Left of Africa (for children). New Orleans, Aurian Society Press, 1976.
(no UK edition)

Through the Eye of a Needle (Needle). New York, Ballantine, 1978.
(no UK edition)

The Nitrogen Fix. New York, Ace, 1980.
(no UK edition)

Still River. New York, Ballantine, Jun 1987; London, Sphere, Nov 1988.
Sphere 0747-49117-9, 1988, 280pp, £3.50.

Fossil: Isaac's Universe. New York, DAW, Nov 1993.
(no UK edition)

Half Life. New York, Tor Books, Sep 1999.
(no UK edition)

Noise. New York, Tor Books, Sep 2003.
(no UK edition)

Planet for Pluunder, with Sam Merwin. Fiction House, Oct 2012.
(no UK edition)


Natives of Space. New York, Ballantine, 1965.
(no UK edition)

Small Changes. Garden City, New York, Doubleday, 1969; as Space Lash, New York, Dell, 1969.
(no UK edition)

The Best of Hal Clement, edited by Lester del Rey. New York, Ballantine, 1979.
(no UK edition)

Intuit, introduction by Poul Anderson. Cambridge, Massachusetts, NESFA Press, Sep 1987.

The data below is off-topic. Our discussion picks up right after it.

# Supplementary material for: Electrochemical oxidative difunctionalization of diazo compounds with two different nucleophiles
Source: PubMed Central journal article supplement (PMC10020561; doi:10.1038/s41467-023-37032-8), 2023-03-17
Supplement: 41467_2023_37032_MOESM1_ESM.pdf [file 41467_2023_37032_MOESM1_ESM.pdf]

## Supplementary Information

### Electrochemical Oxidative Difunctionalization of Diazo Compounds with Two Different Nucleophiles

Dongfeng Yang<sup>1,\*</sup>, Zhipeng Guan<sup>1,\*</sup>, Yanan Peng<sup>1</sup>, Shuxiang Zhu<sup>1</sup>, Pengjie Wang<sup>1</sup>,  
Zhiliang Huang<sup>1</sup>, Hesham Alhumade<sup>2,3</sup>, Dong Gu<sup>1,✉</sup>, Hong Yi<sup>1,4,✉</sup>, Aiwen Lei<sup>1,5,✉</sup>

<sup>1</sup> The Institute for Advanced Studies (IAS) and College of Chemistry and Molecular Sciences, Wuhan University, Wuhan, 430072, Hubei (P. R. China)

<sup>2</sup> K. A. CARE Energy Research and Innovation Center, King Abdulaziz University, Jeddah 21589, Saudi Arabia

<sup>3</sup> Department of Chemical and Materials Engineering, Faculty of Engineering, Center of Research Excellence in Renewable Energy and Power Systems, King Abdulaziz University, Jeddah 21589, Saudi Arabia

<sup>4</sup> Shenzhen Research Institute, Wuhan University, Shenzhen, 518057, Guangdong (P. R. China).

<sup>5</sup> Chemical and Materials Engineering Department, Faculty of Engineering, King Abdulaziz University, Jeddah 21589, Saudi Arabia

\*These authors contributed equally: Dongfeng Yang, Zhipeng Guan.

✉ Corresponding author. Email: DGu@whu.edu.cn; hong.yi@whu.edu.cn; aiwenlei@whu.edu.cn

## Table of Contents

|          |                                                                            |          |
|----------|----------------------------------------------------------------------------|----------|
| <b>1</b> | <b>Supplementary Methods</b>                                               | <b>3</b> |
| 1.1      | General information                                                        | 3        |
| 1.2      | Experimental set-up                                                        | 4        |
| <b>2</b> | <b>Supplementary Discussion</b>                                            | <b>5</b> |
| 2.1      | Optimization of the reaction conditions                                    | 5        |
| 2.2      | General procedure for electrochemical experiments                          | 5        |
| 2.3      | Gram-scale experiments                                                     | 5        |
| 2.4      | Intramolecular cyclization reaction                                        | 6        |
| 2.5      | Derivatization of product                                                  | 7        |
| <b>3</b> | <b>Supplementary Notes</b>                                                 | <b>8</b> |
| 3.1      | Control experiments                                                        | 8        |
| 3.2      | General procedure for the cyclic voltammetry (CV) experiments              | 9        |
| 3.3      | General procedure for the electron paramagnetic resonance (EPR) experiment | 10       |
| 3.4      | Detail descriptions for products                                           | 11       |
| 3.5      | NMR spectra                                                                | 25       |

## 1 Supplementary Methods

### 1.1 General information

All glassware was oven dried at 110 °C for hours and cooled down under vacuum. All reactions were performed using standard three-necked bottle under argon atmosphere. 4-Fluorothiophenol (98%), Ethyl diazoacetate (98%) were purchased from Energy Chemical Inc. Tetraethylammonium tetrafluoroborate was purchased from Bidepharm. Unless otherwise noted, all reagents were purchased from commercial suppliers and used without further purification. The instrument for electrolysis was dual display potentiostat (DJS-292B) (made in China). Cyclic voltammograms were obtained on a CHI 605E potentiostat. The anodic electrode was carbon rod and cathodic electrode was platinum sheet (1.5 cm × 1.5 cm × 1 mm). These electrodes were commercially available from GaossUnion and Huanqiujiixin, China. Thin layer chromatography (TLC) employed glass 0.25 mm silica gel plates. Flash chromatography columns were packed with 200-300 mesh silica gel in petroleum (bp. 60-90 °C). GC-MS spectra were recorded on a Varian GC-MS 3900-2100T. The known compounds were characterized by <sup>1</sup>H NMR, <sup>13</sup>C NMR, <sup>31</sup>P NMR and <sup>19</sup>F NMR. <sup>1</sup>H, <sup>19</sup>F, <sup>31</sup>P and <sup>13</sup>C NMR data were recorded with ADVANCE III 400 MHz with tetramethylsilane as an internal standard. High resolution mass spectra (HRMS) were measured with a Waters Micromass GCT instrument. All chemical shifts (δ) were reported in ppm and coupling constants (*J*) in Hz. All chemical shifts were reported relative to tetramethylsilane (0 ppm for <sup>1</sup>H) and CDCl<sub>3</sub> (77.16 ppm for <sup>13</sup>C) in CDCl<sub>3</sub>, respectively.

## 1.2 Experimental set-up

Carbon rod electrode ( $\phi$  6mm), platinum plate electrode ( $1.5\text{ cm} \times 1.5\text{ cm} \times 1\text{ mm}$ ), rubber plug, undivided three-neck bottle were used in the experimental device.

(no UK edition)

The Essential Hal Clement, Volume 1: Trio for Slide Rule and Typewriter (contains Close to Critical, Iceworld, Needle), edited by Anthony R. Lewis. Framington, Massachusetts, NESFA Press, Apr 1999.
(no UK edition)

The Essential Hal Clement, Volume 2: Music of Many Spheres, edited by Mark L. Olson & Anthony R. Lewis, introduction by Ben Bova. Framington, Massachusetts, NESFA Press, Feb 2000.
(no UK edition)

The Essential Hal Clement Volume 3: Variation of a Theme by Sir Isaac Newton (contains Mission of Gravity, Under, Lecture Demonstration, Star Light, Whirligig World (non-fiction)), edited by Mark L. Olson & Anthony R. Lewis, introduction by David Langford. Framinton, Massachusetts, NESFA Press, Sep 2000; as Heavy Planet: The Essential Mesklin Stories, New York, Tor Books, 2002.

Some Notes on Xi Bootis. Chicago, Advent, 1959.

First Flights to the Moon, introduced by Isaac Asimov. Garden City, New York, Doubleday, 1970.
The Moon, by George Gamow, introduction by Isaac Asimov. London, Abelard Schuman, 1971.

(* originally published 25 September 2011; updated and expanded 24 March 2013.)

1 comment:

  1. They may not have been British but I remember the 1970 Ballantine editions of Natives of Space, Cycle of Fire and Close to Critical being widely available in bookshops over here, and at the time I was a huge fan of their beautiful Dean Ellis covers.